Coherent anti-Stokes Raman scattering (CARS), which is nonlinear Raman scattering with anti-Stokes wave detection, provides an advanced noninvasive and label-free technique capable of selective imaging of major types of macromolecules: proteins, lipids, nucleic acids, and saccharides. It involves vibrationally resonant four-wave mixing at specific molecular vibration frequencies and provides sensitivity sufficient for real-time cellular imaging comparable to that of fluorescence microscopy technique. For structural characterization of biological objects, CARS microscopy allows extracting detailed information on the major macromolecular compositions and can be used to track local biochemical changes during the apoptotic process. The first report of CARS to image the apoptotic cells utilized excitation of aliphatic C-H oscillations in the membrane lipids (13). These observations, however, did not consider contributions of other intracellular macromolecules with aliphatic C-H bonds.
At the same time, proteins, rich in aliphatic C-H bonds, are essential components of the entire cellular organization. In the cell nucleus, which is the largest organelle harboring genome and regulating essentially all cellular functions, proteins are the most abundant molecules with estimated concentration range of 100–400 mg/ml (14, 15). The dynamics and distribution of the intranuclear proteins population are among the most important factors in the structure and function organization of the cell nucleus, indispensable for understanding of the complexity of processes in apoptotic cells.
Here, we employ high resolution CARS combined with two-photon excited fluorescence (TPEF) to monitor the distribution of major types of macromolecules in live proliferating and apoptotic cells. To the best of our knowledge, this is the first study of the dynamics of macromolecular distribution throughout apoptosis. The selectivity of CARS microscopy was enhanced by utilizing synchronously generated TPEF images, using the same experimental instrumentation. CARS microscopy normally applies high intensity picosecond IR laser pulses (16), and therefore simultaneous generation of the fluorescence signal in the TPEF mode can be achieved (17) by introducing an appropriate fluorescence probe. This combined nonlinear multiplex imaging technique allows for a synchronous visualization of a variety of biomolecules, e.g., proteins and lipids by CARS, along with the molecules tagged with the fluorescence probes in TPEF mode. Because this multimodal approach combines the high specificity of fluorescence detection and ability for noninvasive visualization of entire groups of biomolecules by CARS imaging, it can provide an additional layer of information for biomedical applications.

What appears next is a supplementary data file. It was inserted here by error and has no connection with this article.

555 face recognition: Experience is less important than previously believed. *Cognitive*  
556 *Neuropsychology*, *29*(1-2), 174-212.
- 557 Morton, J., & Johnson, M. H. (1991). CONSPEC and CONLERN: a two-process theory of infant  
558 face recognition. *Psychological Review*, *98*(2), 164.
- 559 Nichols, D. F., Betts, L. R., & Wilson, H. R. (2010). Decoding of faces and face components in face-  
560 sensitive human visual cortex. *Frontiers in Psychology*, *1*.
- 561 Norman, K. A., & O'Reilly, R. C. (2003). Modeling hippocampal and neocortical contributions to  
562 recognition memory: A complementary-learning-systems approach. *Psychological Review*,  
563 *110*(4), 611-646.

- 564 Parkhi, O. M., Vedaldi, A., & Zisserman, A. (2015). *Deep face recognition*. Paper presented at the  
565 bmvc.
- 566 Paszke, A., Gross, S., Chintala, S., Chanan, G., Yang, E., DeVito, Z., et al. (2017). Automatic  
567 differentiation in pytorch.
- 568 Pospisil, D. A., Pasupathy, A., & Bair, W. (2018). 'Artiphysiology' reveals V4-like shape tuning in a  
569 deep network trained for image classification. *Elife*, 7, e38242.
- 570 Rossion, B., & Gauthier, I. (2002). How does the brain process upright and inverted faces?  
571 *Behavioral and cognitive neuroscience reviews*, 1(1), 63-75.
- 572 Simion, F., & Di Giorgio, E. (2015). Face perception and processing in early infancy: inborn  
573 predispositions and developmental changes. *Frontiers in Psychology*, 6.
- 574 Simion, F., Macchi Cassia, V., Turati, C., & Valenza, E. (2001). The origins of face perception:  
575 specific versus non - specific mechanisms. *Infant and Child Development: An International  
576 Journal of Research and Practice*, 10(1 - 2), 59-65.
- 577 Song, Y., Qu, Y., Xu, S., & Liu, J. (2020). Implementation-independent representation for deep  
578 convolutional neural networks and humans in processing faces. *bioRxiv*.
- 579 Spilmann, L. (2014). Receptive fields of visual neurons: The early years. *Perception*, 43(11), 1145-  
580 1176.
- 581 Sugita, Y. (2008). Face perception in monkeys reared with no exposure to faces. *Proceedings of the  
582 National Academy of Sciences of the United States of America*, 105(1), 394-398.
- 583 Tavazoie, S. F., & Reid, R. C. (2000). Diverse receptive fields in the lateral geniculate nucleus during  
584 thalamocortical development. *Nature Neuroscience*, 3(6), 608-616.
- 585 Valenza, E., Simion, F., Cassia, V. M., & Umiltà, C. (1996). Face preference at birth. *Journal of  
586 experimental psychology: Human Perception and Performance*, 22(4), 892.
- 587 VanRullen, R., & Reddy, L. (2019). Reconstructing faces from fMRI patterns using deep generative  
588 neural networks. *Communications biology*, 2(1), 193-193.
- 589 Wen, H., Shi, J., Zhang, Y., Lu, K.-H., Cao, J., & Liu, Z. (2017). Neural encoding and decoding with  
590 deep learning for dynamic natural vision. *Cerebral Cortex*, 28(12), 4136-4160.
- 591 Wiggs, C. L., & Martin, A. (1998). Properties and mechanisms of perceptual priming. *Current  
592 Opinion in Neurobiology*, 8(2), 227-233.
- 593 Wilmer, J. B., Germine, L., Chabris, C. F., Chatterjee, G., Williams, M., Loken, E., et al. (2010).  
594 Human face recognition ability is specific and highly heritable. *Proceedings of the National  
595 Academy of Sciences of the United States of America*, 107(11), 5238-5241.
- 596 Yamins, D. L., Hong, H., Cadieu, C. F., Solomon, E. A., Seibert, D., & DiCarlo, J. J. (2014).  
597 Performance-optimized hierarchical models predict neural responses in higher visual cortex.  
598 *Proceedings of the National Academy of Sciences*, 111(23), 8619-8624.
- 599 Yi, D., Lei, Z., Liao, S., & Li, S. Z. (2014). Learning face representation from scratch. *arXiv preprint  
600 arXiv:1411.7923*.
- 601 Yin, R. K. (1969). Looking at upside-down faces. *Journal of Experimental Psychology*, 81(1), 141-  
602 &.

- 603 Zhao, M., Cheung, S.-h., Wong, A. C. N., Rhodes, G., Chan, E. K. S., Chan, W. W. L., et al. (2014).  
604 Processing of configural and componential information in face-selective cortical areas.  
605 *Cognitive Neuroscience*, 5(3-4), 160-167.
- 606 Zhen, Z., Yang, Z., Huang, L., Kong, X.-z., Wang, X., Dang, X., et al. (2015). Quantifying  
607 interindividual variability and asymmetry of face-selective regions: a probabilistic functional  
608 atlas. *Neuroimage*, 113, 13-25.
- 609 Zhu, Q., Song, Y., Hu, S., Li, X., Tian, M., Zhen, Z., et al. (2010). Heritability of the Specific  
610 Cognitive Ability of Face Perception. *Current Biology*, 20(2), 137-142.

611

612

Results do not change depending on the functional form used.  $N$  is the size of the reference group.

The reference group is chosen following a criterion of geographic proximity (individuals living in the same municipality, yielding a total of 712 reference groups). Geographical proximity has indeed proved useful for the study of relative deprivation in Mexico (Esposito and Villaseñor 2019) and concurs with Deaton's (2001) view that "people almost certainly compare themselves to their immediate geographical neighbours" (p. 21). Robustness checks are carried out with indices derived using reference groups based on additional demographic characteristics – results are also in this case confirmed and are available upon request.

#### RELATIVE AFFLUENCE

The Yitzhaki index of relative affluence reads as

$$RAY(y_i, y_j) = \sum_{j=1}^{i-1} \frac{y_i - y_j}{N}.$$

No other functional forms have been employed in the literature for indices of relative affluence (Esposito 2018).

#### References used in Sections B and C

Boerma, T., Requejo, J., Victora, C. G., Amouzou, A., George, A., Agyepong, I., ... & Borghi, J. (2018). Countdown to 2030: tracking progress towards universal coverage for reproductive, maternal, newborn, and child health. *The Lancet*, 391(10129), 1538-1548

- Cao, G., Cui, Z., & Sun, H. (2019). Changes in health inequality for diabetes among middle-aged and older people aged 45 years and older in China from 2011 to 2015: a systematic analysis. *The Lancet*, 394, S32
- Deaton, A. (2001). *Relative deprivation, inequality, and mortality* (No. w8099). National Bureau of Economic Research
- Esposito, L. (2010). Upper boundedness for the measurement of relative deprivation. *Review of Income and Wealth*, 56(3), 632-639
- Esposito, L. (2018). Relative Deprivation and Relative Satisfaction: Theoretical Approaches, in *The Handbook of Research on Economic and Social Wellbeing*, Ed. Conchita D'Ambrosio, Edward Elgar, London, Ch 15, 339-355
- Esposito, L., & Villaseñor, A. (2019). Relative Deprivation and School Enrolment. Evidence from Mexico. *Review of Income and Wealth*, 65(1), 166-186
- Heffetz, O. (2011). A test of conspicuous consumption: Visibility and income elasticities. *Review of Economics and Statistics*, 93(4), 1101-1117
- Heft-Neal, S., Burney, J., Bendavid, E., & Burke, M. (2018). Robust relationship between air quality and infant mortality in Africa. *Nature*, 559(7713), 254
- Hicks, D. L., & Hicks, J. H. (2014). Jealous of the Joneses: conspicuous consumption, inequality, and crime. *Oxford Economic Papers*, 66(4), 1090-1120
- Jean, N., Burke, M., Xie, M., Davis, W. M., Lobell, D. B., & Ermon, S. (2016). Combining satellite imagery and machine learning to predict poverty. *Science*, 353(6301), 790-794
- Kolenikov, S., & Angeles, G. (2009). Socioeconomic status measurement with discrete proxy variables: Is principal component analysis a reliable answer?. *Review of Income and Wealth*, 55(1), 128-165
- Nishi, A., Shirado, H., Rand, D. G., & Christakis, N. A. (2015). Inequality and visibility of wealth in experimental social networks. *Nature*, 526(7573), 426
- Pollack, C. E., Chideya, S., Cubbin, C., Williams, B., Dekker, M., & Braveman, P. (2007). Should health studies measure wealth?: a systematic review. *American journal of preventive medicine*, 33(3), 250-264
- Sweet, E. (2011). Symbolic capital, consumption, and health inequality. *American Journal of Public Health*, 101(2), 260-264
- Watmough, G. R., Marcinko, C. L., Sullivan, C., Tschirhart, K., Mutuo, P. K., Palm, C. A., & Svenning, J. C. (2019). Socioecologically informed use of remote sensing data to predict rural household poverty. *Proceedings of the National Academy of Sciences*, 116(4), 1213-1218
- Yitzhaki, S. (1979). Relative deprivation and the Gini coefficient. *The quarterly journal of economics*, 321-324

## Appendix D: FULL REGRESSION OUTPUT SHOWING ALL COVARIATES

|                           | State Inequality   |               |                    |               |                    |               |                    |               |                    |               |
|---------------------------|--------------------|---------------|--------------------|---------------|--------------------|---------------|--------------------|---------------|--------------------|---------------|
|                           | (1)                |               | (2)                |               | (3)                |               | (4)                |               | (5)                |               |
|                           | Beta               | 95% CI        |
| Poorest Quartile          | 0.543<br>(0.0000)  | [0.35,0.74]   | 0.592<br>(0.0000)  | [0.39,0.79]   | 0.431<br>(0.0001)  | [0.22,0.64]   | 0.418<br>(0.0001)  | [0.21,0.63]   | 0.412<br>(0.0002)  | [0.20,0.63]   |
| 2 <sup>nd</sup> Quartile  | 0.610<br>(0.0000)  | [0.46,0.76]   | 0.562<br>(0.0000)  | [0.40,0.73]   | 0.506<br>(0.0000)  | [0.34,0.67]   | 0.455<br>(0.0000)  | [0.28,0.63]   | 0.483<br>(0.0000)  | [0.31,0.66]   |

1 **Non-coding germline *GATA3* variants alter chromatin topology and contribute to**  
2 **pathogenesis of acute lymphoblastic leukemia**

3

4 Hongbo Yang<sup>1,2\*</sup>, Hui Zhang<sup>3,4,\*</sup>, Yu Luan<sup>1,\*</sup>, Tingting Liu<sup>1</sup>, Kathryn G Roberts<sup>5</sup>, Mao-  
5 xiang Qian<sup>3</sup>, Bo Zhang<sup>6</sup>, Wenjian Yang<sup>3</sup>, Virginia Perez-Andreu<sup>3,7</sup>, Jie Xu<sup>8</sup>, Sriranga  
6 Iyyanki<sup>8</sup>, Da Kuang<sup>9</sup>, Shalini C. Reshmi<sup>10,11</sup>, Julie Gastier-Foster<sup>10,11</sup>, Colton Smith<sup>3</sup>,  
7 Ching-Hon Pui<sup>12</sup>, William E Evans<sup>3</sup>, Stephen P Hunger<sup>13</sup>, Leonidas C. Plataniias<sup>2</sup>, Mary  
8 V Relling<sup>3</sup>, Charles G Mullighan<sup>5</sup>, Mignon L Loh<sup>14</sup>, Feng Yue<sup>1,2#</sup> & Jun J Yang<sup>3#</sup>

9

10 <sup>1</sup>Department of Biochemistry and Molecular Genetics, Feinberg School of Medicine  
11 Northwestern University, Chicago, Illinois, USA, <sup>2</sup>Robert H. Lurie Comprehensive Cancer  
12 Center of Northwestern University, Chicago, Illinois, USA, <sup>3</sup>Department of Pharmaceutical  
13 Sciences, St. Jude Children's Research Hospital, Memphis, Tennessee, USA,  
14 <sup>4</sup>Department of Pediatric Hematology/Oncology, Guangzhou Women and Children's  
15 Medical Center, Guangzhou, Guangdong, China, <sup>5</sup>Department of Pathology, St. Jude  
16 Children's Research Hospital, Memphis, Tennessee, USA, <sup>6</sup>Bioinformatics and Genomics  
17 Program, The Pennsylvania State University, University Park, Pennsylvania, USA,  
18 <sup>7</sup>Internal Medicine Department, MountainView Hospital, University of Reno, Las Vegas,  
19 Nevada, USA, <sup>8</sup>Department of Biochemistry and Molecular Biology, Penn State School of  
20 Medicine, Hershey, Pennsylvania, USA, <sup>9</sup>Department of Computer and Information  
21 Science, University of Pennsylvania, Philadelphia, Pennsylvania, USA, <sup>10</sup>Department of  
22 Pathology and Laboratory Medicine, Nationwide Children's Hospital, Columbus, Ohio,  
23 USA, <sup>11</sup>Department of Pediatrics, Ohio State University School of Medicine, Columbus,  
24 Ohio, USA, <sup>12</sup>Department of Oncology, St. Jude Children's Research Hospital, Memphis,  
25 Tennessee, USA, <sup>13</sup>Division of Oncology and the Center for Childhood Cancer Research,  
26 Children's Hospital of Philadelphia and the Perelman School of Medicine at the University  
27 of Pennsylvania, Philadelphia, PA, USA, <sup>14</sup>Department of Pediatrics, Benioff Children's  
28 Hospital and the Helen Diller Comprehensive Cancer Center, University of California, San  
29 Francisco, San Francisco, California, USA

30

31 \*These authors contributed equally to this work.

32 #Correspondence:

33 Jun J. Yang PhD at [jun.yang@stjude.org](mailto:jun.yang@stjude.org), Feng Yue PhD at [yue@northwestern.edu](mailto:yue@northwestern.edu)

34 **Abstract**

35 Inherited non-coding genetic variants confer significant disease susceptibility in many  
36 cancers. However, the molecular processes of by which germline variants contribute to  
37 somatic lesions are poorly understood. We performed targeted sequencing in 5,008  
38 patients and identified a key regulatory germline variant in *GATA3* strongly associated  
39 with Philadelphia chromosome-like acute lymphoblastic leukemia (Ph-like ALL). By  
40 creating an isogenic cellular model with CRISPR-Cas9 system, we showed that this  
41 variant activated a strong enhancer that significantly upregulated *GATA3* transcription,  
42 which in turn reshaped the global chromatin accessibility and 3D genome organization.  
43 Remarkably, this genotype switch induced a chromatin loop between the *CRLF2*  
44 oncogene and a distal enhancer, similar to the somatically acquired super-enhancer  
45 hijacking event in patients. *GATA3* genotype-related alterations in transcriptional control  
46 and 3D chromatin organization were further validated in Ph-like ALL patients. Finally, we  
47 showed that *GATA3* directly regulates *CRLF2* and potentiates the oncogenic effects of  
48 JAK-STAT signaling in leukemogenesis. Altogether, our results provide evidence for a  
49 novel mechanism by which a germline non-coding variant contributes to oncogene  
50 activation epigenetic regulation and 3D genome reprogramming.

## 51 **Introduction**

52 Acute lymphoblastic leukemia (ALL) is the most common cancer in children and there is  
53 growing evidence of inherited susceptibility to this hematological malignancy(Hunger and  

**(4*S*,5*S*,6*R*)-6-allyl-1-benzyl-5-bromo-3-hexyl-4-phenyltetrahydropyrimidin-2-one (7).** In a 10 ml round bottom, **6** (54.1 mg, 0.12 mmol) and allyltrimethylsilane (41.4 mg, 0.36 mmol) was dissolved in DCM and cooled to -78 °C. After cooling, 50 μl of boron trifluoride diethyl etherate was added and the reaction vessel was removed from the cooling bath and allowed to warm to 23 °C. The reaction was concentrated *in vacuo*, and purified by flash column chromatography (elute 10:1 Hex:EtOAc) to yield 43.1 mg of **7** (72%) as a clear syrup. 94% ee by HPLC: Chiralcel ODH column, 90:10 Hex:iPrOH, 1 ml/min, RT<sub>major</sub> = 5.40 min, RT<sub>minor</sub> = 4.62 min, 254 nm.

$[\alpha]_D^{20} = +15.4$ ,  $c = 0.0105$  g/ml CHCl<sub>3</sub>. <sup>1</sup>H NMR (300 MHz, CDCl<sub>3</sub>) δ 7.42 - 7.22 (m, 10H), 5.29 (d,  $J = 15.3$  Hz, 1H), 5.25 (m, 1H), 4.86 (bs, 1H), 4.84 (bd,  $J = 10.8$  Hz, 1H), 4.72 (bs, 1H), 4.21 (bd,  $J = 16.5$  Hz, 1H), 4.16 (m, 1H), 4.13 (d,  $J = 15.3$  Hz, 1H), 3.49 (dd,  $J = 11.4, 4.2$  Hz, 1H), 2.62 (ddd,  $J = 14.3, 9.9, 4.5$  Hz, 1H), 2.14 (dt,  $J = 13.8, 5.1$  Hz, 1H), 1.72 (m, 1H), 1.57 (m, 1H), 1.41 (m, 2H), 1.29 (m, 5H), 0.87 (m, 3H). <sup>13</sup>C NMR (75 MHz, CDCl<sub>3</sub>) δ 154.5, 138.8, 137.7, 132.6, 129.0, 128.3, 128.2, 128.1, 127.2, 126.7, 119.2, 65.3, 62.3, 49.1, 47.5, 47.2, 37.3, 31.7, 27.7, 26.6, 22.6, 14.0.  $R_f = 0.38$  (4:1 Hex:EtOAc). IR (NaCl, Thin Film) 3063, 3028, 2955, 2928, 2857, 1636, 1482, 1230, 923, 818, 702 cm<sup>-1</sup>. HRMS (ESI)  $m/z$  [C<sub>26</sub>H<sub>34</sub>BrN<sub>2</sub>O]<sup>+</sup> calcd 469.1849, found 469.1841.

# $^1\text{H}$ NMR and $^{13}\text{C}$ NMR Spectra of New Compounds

In order to study the mobility of protein macromolecules during apoptosis, fluorescence recovery after photobleaching (FRAP) was applied. While CARS/TPEF imaging reflects the distribution of macromolecules, the FRAP measurements characterize their kinetics, providing an additional dimension of information.
This concurrent application of multiplex nonlinear optical imaging and FRAP is further enhancing the understanding of molecular organization of the cell and revealing sequential transformations of the intracellular macromolecular distribution throughout the apoptotic process.